The fastest asteroid in the Solar System has been discovered at NOIRLab’s CTIO using the powerful 570-megapixel Dark Energy Camera (DECam) in Chile — the Sun’s new nearest neighbor. This artist’s rendering shows the asteroid (above) and the planet Mercury (below). Credit: CTIO/NOIRLab/NSF/AURA/J. da Silva (Spaceengine)
Using the powerful 570-megapixel Dark Energy Camera (DECam) in Chile, astronomers discovered an asteroid with the shortest orbital period of any known asteroid in the Solar System. The orbit of the approximately 1-kilometer-diameter asteroid takes it as close as 20 million kilometers (12 million miles or 0.13 au), from the Sun every 113 days. Asteroid 2021 PH27, revealed in images acquired during twilight, also has the smallest mean distance (semi-major axis) of any known asteroid in our Solar System — only Mercury has a shorter period and smaller semi-major axis. The asteroid is so close to the Sun’s massive gravitational field, it experiences the largest general relativistic effects of any known Solar System object.
The asteroid designated 2021 PH27 was discovered by Scott S. Sheppard of the Carnegie Institution of Science in data collected by the Dark Energy Camera (DECam) mounted on the Víctor M. Blanco 4-meter Telescope at Cerro Tololo Inter-American Observatory (CTIO) in Chile. The discovery images of the asteroid were taken by Ian Dell’antonio and Shenming Fu of Brown University in the twilight skies on the evening of 13 August 2021. Sheppard had teamed up with Dell’antonio and Fu while conducting observations with DECam for the Local Volume Complete Cluster Survey, which is studying most of the massive galaxy clusters in the local Universe . They took time out from observing some of the largest objects millions of light-years away to search for far smaller objects — asteroids — closer to home.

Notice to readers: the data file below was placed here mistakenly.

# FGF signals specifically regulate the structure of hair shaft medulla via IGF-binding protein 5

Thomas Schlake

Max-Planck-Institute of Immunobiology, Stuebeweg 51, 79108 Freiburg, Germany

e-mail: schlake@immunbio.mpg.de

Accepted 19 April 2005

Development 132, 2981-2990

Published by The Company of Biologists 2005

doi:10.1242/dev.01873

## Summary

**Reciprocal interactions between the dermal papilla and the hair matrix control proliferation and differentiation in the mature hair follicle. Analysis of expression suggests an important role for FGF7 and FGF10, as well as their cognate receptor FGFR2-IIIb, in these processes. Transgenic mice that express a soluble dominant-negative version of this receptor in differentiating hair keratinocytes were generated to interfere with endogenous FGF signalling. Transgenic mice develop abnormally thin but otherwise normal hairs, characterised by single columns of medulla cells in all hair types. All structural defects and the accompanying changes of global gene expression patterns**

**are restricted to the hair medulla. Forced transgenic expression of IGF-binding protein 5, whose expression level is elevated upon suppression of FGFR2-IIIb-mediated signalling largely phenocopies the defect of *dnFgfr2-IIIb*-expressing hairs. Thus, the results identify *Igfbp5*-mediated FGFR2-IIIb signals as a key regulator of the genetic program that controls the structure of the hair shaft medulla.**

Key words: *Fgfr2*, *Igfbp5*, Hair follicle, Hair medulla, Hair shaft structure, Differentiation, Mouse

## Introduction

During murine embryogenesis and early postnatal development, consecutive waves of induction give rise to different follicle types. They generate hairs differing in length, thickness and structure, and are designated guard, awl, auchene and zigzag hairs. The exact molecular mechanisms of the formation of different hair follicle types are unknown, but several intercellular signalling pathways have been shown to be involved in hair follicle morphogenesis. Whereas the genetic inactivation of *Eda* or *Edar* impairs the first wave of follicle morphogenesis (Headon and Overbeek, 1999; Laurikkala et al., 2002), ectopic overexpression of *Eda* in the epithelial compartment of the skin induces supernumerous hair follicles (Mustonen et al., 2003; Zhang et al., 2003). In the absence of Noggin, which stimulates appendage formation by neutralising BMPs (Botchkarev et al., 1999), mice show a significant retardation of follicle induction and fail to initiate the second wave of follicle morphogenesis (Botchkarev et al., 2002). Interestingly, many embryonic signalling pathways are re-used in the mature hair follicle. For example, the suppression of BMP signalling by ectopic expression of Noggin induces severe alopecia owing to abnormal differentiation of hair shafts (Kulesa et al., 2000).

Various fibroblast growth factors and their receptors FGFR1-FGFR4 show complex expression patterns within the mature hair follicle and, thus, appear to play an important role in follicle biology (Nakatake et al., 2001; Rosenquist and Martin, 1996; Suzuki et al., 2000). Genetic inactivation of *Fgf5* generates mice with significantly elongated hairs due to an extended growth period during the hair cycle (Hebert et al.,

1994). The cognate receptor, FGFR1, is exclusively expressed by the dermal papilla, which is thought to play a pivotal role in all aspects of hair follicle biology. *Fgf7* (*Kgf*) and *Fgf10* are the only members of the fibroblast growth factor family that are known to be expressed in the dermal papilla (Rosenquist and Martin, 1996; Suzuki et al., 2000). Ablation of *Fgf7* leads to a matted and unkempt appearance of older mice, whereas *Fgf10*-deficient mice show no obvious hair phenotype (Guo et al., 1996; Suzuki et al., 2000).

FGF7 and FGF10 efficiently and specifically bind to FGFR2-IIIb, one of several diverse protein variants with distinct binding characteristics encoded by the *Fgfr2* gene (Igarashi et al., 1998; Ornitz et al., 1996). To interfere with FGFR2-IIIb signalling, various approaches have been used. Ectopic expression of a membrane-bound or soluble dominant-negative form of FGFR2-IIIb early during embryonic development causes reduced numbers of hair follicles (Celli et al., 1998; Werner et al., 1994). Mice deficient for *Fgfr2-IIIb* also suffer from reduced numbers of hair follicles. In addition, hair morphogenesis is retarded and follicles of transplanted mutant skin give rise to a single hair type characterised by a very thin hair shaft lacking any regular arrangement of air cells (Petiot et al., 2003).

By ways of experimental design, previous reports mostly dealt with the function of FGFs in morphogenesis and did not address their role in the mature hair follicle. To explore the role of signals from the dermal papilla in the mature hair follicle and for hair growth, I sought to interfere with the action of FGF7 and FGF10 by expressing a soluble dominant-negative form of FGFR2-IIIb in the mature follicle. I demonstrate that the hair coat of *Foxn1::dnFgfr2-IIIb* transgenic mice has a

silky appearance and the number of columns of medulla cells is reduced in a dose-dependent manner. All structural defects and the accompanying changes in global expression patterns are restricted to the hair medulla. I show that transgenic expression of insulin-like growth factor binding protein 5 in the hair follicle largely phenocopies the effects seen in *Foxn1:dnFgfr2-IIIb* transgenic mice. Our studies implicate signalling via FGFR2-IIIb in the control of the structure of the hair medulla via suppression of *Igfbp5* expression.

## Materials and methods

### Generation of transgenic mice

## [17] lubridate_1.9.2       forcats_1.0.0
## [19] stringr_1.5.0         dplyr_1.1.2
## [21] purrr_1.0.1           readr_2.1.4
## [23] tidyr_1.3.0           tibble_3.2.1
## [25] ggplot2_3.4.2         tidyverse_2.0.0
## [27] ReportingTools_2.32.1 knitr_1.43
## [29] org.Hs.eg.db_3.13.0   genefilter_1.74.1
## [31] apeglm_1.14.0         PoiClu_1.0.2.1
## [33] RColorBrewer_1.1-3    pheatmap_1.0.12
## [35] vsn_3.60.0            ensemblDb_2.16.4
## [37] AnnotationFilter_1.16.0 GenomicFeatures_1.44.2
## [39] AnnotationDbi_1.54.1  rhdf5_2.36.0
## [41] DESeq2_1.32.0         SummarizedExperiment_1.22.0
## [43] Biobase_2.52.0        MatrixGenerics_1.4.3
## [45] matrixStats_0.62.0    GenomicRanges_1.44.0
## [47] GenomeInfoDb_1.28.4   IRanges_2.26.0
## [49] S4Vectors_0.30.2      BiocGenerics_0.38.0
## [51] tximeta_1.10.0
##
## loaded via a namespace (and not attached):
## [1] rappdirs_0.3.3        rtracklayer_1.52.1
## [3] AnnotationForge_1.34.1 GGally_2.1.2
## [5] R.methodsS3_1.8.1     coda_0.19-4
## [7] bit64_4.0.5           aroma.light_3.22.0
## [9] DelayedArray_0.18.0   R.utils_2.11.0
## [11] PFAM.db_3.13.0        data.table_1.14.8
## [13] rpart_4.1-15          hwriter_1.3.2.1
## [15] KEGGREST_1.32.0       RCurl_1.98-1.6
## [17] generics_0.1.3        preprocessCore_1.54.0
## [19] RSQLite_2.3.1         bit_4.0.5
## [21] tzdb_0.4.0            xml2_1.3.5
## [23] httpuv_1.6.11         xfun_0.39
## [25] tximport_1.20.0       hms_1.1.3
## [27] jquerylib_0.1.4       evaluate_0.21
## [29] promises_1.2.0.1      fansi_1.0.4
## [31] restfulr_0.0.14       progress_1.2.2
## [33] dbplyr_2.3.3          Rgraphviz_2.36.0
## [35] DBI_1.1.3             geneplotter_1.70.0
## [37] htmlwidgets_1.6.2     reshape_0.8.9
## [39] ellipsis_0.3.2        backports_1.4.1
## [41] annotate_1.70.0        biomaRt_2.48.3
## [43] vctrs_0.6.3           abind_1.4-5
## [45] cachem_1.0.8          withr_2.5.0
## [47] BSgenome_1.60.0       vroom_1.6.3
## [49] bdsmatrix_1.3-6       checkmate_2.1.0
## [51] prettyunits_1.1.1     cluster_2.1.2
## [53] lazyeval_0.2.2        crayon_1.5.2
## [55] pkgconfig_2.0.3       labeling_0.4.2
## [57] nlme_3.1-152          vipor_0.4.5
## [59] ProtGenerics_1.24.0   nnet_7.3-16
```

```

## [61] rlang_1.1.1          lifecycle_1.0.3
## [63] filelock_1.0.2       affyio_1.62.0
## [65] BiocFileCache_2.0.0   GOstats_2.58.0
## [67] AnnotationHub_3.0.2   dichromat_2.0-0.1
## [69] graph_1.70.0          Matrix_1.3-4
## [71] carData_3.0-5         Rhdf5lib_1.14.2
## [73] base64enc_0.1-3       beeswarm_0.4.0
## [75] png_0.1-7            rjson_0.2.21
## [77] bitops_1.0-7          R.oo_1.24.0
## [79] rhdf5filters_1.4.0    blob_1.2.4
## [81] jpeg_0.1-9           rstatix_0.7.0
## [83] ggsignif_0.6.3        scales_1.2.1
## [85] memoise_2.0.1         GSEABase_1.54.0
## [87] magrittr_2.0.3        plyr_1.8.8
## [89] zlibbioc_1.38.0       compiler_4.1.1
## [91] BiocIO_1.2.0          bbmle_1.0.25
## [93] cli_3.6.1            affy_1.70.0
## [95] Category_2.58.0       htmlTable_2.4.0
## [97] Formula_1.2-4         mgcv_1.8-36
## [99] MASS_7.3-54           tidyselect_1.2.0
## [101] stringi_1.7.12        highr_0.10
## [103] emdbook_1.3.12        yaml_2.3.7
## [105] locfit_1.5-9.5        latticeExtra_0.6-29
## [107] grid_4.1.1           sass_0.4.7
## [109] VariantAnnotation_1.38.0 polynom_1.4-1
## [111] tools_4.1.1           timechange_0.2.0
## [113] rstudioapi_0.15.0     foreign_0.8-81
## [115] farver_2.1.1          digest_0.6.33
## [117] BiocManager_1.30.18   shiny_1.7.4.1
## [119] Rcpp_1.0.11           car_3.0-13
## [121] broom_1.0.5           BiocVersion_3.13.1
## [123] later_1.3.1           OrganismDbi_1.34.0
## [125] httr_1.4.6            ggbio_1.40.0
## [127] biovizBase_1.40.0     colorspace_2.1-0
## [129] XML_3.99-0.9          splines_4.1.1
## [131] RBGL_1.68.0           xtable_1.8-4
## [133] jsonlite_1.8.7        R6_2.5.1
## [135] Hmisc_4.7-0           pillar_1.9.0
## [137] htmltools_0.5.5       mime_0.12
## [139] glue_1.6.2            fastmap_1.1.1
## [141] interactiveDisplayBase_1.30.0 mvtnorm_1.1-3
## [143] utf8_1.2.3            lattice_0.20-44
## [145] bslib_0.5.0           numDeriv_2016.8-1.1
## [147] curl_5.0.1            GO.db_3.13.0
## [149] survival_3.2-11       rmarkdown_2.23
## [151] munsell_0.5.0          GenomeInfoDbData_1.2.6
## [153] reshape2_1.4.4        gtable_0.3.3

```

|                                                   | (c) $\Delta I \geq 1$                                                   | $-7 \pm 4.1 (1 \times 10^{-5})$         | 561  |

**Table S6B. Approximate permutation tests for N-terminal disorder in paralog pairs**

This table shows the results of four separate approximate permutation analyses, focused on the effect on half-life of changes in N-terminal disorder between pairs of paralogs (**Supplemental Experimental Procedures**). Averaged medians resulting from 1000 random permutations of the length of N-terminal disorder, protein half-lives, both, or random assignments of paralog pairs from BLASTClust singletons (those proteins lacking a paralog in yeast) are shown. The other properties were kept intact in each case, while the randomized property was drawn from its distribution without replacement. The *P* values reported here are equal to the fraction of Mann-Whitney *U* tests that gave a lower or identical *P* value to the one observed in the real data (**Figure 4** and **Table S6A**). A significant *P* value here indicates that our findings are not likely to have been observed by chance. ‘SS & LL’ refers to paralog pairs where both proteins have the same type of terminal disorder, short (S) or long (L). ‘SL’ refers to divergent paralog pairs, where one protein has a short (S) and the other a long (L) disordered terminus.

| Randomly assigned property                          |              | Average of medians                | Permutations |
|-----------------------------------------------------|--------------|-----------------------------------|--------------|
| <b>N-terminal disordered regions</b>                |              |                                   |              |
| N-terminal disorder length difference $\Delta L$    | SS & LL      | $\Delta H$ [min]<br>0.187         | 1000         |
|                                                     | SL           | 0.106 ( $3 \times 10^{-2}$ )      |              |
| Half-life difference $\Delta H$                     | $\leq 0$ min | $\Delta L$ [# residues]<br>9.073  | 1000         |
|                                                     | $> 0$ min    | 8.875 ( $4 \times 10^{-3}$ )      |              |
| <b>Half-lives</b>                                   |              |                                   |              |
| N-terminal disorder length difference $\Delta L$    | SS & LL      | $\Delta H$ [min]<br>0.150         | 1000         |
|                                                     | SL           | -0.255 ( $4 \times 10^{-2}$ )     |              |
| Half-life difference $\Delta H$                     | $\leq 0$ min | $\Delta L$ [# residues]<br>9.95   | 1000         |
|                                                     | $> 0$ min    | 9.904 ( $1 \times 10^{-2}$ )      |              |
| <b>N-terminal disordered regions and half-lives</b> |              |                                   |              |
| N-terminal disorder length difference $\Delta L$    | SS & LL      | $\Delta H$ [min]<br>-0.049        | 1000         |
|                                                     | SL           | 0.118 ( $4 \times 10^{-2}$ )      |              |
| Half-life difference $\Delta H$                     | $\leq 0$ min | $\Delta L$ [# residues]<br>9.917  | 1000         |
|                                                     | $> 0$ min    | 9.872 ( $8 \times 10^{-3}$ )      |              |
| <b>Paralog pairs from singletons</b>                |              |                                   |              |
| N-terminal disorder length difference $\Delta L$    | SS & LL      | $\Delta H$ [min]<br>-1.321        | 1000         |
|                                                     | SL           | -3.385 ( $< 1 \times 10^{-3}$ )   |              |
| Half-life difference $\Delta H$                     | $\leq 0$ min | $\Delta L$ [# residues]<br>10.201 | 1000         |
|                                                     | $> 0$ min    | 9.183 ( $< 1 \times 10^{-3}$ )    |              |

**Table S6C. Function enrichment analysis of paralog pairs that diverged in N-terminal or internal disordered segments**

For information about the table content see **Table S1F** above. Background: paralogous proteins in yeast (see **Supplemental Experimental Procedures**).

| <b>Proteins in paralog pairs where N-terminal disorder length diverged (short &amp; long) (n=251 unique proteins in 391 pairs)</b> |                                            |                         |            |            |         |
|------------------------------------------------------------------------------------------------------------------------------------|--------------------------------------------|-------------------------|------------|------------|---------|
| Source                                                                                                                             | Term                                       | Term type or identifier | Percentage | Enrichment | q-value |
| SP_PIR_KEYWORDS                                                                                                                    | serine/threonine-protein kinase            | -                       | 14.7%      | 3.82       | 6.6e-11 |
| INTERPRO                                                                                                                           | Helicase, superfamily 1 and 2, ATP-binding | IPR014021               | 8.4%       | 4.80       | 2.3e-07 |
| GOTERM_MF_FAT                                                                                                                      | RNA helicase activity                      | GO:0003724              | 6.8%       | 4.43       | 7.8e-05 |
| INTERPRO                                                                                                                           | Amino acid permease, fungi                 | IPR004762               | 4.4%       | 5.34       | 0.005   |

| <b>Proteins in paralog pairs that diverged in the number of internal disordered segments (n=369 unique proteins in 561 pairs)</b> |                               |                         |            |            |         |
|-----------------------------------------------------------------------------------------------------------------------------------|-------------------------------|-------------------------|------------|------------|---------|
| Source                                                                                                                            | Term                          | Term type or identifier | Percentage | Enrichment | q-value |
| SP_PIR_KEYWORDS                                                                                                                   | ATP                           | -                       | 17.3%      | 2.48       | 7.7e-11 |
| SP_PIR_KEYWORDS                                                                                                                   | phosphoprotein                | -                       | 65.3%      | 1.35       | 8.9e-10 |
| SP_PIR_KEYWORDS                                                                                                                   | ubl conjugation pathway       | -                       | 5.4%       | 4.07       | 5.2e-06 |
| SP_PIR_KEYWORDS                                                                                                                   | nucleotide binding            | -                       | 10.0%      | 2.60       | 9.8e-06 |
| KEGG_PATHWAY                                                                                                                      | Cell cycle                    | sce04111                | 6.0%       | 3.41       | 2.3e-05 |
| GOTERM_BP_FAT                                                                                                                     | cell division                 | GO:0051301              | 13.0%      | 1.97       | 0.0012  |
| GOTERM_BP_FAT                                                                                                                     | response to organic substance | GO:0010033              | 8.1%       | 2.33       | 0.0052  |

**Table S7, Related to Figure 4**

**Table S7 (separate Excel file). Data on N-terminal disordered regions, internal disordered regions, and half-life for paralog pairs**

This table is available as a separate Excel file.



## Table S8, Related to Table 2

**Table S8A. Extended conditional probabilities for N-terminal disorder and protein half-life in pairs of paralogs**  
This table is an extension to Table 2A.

One of the highest-performance, wide-field CCD imagers in the world, DECam was designed for the Dark Energy Survey (DES) funded by the DOE, was built and tested at DOE’s Fermilab, and was operated by the DOE and NSF between 2013 and 2019. At present DECam is used for programs covering a huge range of science. The DECam science archive is curated by the Community Science and Data Center (CSDC). CTIO and CSDC are programs of NSF’s NOIRLab.
Twilight, just after sunset or before sunrise, is the best time to hunt for asteroids that are interior to Earth’s orbit, in the direction of the two innermost planets, Mercury and Venus. As any stargazer will tell you, Mercury and Venus never appear to get very far from the Sun in the sky and are always best visible near sunrise or sunset. The same holds for asteroids that also orbit close to the Sun.
Following 2021 PH27’s discovery, David Tholen of the University of Hawai‘i measured the asteroid’s position and predicted where it could be observed the following evening. Subsequently, on 14 August 2021, it was observed once more by DECam, and also by the Magellan Telescopes at the Las Campanas Observatory in Chile. Then, on the evening of the 15th, Marco Micheli of the European Space Agency used the Las Cumbres Observatorynetwork of 1- to 2-meter telescopes to observe it from CTIO in Chile and from South Africa, in addition to further observations from DECam and Magellan, as astronomers postponed their originally scheduled observations to get a sight of the newly found asteroid.